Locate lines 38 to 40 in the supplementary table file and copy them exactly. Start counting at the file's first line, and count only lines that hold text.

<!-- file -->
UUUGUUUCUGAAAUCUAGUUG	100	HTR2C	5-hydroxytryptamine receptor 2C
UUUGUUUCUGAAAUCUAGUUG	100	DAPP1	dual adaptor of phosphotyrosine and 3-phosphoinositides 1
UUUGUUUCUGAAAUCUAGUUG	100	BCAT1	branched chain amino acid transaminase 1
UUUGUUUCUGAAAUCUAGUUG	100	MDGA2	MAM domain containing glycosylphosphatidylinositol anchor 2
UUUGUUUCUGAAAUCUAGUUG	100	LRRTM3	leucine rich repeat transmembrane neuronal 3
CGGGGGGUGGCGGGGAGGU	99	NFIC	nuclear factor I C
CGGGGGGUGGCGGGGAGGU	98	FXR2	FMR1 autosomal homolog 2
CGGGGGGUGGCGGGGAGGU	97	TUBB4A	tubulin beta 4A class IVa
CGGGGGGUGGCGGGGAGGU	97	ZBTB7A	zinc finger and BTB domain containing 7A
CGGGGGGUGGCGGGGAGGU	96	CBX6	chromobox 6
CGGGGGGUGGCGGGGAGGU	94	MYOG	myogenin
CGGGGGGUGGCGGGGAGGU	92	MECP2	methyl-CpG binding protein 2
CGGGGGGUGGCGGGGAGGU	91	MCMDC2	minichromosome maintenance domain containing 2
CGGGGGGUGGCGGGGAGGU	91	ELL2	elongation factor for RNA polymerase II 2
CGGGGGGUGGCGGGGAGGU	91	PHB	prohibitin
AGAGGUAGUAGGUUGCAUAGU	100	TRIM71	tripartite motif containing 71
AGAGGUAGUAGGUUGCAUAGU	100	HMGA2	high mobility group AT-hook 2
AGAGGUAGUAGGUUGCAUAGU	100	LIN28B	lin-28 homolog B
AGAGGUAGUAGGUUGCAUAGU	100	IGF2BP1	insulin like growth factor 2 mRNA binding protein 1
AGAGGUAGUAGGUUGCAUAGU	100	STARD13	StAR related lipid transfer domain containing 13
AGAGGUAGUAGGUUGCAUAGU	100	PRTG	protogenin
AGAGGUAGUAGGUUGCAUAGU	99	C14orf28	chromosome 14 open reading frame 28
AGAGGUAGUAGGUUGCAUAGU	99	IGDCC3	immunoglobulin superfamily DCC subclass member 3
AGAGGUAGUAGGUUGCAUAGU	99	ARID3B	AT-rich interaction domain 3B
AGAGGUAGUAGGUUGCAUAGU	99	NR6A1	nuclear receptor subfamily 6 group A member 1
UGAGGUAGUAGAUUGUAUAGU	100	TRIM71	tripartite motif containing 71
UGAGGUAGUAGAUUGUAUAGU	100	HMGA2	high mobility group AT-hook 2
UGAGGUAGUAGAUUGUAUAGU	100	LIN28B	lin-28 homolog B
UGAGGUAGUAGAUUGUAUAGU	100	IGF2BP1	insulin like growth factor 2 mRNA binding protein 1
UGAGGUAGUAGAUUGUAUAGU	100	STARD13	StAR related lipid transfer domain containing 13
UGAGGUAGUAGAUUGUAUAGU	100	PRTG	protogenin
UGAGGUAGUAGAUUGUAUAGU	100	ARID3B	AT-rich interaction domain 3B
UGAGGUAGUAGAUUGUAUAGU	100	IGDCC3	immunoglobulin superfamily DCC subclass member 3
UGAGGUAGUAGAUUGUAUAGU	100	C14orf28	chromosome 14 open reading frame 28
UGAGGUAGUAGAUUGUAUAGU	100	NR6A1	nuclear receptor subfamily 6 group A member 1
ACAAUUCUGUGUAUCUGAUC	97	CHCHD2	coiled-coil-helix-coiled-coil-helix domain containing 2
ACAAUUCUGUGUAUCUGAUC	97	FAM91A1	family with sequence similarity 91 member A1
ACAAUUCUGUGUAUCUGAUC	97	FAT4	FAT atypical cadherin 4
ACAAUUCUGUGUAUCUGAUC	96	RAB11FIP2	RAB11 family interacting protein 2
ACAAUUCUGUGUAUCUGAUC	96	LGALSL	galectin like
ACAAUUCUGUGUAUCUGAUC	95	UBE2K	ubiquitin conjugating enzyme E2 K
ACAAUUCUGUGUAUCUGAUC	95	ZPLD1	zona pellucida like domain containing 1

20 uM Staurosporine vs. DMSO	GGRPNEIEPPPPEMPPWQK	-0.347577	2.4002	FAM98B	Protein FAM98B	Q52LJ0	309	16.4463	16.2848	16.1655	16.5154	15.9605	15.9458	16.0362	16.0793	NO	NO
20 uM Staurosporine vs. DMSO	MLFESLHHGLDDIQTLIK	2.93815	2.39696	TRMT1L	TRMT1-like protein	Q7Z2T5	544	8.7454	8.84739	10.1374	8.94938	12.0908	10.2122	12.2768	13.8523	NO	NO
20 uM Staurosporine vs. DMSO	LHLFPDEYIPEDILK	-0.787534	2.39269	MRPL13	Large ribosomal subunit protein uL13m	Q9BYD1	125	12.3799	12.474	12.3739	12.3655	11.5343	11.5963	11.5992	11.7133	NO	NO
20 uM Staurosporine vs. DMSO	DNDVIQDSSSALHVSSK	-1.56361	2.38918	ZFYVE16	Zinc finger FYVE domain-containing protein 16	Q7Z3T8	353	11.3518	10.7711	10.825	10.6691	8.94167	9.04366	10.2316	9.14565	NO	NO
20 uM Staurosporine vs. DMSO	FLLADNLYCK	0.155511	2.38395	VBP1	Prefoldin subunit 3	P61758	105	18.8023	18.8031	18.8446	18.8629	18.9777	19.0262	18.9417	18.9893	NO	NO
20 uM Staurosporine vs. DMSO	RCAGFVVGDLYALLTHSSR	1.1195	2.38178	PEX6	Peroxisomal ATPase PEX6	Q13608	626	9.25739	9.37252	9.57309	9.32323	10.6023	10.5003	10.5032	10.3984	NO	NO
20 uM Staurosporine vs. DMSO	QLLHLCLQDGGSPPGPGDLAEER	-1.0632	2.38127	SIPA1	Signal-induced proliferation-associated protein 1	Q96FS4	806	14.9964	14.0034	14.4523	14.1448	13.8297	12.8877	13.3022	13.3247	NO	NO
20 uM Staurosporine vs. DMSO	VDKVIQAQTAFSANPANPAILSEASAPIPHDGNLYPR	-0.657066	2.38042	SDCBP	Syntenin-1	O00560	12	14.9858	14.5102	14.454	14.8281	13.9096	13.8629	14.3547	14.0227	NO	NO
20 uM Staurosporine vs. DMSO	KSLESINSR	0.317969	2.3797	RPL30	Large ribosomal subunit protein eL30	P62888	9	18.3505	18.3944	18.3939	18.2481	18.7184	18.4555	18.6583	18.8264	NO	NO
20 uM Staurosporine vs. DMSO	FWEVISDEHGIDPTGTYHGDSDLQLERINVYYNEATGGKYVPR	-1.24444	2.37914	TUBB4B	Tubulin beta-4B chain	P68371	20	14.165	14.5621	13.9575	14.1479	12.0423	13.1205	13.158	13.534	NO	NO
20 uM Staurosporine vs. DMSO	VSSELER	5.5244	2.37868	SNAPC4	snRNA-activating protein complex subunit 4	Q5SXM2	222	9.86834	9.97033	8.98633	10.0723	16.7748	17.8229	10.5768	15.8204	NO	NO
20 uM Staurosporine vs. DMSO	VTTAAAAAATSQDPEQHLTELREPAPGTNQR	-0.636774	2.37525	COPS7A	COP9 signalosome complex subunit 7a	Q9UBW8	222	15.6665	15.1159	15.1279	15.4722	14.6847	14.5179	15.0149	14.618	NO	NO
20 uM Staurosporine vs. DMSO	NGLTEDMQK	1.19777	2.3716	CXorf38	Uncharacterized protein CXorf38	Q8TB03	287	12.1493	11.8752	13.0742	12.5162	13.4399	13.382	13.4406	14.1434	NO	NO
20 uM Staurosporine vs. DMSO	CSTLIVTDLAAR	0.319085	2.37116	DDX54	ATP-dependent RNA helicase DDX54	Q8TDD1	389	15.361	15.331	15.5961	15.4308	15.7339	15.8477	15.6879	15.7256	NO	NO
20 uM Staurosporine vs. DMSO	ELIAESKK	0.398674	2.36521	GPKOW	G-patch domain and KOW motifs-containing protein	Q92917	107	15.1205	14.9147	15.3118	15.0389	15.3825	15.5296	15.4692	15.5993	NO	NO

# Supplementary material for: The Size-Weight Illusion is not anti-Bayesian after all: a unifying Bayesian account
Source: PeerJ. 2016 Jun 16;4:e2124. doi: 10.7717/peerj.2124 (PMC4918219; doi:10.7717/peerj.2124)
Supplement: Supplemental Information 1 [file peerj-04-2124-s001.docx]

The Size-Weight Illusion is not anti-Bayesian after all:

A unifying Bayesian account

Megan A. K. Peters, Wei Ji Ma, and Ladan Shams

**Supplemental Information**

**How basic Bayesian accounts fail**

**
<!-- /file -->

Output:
ACAAUUCUGUGUAUCUGAUC	97	FAT4	FAT atypical cadherin 4
ACAAUUCUGUGUAUCUGAUC	96	RAB11FIP2	RAB11 family interacting protein 2
ACAAUUCUGUGUAUCUGAUC	96	LGALSL	galectin like